Print and Go Back ESPN.com: Page 2 [Print without images]

Friday, October 5, 2007
Why should we start believing Marion Jones now?

By Patrick Hruby
Page 2

Marion Jones is finally coming clean. That's the story, at least. She's 'fessing up to her long-suspected steroid use, to the lying and denying that came with it, to the bill of goods she sold federal investigators and the willfully ignorant American public.

Don't believe a word of it.

Correction: Don't believe a word that comes out of Marion Jones' mouth. Ever. She's fundamentally dishonest. Clinically so. Probably narcissistic.

Possibly sociopathic. I'm not kidding. Time and again -- in press conferences, on morning television, under threat of legal sanction, through her bogus lawsuit against Victor Conte, in GREAT BIG PAGE-SIZED RED LETTERS in her autobiography -- Jones lied about using performance-enhancing drugs. Lied when she could have said nothing, pleaded the Fifth, been cheerfully evasive. Lied aggressively, with righteous, finger-wagging indignation, as if she actually believed her own [expletive]. And maybe she did. Maybe she still does, because Jones continues to lie, right now, through her perfect sneaker-selling smile, playing damage control to the last, forever spinning half-truths to her advantage.

In another life, she would have made a great tobacco company flack.

Consider what Jones is admitting in her conveniently leaked, oh-so-heartfelt letter to family and friends: that she took a single substance, "the clear," for two years beginning in 1999; that she thought it was flaxseed oil; that it was all the fault of her coach, Trevor Graham; that when she finally realized it was something more sinister, she panicked and covered up.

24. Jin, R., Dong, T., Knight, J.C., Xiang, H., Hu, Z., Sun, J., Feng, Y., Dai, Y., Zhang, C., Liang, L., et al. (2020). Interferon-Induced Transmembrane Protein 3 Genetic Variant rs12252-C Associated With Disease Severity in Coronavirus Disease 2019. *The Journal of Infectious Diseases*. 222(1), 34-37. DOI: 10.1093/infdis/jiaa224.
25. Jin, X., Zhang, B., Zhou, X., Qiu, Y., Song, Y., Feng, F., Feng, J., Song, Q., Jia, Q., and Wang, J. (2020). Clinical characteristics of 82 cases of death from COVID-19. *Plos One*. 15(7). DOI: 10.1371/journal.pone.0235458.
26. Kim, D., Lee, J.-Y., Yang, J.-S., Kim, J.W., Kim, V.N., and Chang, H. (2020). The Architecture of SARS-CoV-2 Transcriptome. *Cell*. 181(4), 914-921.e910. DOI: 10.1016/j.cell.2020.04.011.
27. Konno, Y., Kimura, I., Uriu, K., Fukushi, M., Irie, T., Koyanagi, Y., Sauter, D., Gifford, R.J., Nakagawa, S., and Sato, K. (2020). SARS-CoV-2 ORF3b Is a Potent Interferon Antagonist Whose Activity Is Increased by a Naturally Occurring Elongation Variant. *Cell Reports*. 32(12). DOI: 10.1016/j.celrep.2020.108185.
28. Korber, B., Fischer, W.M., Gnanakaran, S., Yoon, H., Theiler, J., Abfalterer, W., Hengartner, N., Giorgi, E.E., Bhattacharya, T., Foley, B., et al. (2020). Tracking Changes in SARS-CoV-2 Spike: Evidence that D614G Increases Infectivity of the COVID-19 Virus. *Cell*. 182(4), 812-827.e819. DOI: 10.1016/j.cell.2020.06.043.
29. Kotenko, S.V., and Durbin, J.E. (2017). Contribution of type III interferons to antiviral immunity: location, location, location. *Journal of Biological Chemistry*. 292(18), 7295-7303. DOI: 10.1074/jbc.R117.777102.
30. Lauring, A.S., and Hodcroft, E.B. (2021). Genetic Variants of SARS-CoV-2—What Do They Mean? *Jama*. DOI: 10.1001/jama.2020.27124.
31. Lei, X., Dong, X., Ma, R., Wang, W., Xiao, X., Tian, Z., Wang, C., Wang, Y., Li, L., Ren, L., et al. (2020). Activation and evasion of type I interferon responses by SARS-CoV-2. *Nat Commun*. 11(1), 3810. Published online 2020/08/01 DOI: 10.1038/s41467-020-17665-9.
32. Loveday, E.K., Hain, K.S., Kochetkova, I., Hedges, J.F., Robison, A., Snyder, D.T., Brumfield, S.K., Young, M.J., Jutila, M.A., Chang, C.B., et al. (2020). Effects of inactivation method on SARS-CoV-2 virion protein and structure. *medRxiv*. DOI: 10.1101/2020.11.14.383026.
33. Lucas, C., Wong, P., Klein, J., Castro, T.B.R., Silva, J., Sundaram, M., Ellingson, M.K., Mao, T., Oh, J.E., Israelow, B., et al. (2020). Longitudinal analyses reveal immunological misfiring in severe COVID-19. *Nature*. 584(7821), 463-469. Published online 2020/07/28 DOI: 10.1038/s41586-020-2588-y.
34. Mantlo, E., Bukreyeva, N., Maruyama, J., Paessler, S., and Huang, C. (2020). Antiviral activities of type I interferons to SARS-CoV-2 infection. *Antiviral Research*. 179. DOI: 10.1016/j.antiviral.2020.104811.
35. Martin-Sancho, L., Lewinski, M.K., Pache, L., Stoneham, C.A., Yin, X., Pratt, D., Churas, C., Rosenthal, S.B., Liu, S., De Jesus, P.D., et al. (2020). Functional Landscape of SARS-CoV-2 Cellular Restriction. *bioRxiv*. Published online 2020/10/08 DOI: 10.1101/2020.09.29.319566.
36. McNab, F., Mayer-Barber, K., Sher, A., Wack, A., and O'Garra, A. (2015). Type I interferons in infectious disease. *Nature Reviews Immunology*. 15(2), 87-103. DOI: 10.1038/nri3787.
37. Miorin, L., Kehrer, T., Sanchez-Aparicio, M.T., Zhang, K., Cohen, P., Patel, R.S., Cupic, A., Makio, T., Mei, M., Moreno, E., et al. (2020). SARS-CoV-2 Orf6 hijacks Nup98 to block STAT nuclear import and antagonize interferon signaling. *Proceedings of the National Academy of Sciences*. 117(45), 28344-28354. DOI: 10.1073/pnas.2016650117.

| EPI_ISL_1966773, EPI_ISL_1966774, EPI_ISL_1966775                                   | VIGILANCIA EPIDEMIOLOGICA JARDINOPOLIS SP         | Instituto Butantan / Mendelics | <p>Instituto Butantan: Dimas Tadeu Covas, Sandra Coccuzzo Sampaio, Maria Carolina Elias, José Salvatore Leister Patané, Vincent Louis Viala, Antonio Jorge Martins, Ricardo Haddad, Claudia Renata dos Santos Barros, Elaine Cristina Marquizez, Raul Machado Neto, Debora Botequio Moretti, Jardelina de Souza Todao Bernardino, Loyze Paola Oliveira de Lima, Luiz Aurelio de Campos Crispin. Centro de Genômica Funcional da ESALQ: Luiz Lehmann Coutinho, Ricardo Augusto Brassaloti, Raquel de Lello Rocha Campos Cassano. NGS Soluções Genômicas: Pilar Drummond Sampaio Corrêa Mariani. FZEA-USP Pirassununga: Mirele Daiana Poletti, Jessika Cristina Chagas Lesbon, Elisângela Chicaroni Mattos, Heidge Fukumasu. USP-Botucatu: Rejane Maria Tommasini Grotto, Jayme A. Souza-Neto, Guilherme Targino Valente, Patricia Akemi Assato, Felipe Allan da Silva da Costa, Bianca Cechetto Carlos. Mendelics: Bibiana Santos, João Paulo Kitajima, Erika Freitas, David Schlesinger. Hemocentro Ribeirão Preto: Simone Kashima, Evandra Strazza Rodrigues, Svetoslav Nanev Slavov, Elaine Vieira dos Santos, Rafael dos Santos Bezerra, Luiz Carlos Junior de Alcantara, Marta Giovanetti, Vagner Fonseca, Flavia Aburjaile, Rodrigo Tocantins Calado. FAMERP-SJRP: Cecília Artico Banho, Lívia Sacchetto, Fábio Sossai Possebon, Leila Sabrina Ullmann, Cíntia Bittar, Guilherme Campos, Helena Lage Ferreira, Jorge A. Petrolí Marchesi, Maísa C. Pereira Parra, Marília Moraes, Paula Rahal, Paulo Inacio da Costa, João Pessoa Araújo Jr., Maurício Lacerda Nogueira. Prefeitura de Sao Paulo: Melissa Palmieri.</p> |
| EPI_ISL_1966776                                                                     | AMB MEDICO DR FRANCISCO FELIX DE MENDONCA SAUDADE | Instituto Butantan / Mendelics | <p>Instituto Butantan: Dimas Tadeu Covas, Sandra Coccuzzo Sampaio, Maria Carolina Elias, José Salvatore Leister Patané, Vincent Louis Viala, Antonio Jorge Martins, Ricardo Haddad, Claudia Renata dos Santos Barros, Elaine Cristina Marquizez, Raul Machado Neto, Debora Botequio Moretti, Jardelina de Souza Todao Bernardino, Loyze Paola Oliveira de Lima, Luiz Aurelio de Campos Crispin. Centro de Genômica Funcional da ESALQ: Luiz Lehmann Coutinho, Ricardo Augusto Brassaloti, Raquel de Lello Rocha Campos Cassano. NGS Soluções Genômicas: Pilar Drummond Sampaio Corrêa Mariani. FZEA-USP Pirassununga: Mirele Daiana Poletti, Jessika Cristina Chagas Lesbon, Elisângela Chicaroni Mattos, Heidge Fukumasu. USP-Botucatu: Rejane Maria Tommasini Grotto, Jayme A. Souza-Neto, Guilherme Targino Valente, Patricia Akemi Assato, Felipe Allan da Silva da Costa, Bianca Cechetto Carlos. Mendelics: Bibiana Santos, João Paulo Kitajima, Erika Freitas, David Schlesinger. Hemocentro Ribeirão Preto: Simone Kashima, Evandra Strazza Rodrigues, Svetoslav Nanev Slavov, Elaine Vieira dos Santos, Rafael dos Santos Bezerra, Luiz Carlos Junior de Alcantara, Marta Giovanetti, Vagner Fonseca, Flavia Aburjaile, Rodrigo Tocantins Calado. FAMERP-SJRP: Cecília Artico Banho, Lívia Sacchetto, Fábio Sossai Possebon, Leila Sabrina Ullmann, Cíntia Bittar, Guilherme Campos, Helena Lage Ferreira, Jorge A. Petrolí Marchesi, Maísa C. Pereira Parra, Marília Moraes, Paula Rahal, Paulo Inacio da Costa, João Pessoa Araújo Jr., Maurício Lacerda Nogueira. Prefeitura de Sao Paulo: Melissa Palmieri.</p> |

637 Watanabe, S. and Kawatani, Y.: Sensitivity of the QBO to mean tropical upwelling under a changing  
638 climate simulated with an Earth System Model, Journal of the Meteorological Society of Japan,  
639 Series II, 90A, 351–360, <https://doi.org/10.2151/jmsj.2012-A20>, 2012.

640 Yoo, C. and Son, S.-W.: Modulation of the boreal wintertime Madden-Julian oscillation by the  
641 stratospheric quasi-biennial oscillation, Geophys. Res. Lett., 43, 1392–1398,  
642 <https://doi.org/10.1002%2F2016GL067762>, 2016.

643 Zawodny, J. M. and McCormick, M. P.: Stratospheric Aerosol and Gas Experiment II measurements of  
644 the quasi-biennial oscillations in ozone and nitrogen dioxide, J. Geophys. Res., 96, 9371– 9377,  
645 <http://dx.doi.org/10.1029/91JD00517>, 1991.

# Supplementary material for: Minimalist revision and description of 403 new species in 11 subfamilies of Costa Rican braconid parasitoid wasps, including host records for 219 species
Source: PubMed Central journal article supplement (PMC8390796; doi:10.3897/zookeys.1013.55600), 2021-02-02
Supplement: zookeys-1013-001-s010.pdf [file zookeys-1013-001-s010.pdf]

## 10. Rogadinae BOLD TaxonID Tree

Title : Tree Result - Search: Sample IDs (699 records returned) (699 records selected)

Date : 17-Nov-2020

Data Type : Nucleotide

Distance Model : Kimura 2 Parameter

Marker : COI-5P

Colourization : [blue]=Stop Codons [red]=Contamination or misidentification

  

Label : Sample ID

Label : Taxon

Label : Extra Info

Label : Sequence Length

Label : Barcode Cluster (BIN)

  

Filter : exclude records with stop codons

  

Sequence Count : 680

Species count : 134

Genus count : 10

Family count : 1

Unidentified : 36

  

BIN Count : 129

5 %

Right. Jones as victim. Oh, and don't forget the passive-voice "red flags should have been raised."

Uh-huh. Sure. Jones knew nothing, had no control. She's just a caveman, frightened by our world.

Don't buy it. Not an ounce. Instead, consider everything Jones is omitting: the wealth of evidence in "Game of Shadows" suggesting that she took a lot more than the clear, and knew exactly what she was doing; the connections between Jones and drug cheats like Charlie Francis; Jones' Athens Games flameout while working with the one honest coach she's ever had, Dan Pfaff (whom she later vindictively sued); her subsequent reemergence in 2005 and '06, nearly derailed by a positive EPO test that Jones sidestepped when her B sample came back negative.

Like Barry Bonds, Jones has been found out; like Bonds dropping his infamous "whatever, dude" excuse on the BALCO grand jury, she's clinging to that old political and legal standby, plausible deniability.

Only it's too late. For Jones to admit anything, the feds must have had her dead to rights -- and if BALCO taught us anything, it's that somebody somewhere will bring that evidence to light.

What did she use? How much did she know? The truth will trickle out. And Jones, because she's Jones, will keep dissembling. Don't accept it. Call her bluff. Shouldn't be too hard, really. Jones may be an accomplished fraud, but she's no longer a golden girl. No longer a symbol of something grander than chemistry. No longer telling us what we want to hear.

Patrick Hruby is a columnist for Page 2. Sound off to Patrick here.